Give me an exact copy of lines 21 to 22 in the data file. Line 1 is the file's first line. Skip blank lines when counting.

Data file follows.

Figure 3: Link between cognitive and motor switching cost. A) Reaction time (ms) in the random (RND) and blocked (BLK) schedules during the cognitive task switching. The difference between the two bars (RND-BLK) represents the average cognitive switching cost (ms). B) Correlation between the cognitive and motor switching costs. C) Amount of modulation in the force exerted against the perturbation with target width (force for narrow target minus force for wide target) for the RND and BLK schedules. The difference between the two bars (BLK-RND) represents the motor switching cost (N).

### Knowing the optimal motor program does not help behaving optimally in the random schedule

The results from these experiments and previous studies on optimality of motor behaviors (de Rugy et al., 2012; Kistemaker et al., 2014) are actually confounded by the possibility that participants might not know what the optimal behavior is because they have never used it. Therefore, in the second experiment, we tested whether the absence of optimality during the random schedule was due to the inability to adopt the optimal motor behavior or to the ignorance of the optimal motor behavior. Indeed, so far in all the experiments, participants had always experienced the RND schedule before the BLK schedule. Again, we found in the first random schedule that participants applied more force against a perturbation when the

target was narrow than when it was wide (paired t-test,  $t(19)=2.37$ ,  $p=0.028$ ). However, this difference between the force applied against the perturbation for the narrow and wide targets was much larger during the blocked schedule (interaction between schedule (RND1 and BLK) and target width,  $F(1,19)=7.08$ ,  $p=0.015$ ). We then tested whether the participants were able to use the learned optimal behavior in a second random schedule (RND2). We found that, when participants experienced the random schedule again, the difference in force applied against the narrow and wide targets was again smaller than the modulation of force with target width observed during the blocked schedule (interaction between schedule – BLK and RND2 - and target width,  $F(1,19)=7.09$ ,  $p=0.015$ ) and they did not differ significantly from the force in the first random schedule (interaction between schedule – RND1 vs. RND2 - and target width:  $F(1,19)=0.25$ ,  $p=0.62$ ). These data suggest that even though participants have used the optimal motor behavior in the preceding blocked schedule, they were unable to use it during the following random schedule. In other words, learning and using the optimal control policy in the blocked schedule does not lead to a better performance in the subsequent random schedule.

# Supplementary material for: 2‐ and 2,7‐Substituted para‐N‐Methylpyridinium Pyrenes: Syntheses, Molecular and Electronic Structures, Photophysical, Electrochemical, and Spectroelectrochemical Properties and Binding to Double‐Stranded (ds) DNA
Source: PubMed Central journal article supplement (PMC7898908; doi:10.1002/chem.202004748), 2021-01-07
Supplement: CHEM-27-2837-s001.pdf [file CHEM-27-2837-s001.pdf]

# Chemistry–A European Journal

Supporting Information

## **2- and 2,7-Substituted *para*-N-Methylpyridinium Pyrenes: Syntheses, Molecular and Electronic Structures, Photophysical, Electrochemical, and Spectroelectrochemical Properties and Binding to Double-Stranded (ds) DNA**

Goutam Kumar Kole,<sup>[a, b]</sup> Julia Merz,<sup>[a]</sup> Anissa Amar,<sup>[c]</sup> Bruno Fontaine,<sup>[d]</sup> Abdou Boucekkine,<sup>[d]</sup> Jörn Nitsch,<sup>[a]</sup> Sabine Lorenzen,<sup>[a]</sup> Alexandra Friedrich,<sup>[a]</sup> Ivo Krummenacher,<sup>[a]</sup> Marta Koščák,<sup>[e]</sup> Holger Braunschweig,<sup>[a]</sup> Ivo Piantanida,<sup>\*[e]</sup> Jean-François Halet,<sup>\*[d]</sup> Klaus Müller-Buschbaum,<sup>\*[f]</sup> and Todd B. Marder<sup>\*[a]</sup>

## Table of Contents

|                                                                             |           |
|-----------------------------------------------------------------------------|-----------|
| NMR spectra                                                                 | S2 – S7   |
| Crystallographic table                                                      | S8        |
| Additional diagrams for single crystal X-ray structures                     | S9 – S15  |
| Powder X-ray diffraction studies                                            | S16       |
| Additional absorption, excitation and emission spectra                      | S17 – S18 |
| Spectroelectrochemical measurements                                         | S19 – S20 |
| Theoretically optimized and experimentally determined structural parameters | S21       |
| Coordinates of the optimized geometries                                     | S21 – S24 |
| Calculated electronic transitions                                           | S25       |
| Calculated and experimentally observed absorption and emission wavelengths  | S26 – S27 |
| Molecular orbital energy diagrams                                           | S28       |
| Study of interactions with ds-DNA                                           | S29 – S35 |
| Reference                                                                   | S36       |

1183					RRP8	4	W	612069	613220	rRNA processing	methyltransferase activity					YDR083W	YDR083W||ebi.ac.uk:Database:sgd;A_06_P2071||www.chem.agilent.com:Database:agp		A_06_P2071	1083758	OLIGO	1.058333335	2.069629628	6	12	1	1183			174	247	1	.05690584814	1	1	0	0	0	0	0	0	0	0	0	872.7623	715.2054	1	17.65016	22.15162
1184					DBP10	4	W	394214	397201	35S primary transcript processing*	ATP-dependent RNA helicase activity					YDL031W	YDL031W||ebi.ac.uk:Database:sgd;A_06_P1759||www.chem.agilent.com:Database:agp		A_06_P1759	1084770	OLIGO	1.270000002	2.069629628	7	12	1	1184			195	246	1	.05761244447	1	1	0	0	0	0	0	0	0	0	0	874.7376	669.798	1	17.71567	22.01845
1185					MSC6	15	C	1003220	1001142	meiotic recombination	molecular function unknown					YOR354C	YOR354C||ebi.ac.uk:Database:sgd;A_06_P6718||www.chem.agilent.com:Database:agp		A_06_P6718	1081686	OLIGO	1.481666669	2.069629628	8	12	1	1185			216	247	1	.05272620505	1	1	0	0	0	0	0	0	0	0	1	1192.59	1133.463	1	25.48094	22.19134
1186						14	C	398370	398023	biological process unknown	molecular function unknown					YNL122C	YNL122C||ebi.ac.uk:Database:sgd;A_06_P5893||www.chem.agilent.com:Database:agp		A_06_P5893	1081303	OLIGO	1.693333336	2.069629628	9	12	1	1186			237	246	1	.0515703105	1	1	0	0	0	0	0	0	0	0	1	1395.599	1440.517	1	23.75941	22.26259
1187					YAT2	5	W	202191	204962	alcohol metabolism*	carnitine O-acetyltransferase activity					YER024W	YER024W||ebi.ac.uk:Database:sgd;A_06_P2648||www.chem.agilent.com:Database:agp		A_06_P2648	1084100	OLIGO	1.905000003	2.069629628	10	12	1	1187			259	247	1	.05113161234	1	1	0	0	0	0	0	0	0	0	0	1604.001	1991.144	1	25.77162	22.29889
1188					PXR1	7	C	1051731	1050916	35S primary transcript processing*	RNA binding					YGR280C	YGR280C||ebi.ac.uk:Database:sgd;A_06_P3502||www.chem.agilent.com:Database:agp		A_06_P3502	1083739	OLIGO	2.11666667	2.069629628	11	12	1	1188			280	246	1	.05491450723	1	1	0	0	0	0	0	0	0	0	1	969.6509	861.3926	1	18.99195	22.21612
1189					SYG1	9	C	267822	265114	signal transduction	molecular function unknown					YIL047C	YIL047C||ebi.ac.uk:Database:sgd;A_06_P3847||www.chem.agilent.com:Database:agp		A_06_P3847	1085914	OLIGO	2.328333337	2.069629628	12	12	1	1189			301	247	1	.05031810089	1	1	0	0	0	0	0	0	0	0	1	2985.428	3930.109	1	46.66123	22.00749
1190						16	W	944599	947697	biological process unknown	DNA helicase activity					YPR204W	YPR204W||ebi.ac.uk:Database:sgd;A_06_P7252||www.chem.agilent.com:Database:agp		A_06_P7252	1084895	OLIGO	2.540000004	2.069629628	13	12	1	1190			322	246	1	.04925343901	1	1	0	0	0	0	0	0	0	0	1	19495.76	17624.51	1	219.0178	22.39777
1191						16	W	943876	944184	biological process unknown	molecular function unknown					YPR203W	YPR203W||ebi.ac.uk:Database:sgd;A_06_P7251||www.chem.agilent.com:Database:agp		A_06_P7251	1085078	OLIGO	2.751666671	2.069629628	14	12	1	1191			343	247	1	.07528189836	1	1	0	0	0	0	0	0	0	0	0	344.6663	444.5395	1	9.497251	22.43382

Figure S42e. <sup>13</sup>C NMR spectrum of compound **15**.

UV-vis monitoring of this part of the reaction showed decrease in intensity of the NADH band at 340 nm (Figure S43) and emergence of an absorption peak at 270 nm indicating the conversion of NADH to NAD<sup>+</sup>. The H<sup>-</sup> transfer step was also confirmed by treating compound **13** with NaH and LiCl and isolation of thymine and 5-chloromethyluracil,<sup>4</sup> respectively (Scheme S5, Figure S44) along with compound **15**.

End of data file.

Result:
| Theoretically optimized and experimentally determined structural parameters | S21       |
| Coordinates of the optimized geometries                                     | S21 – S24 |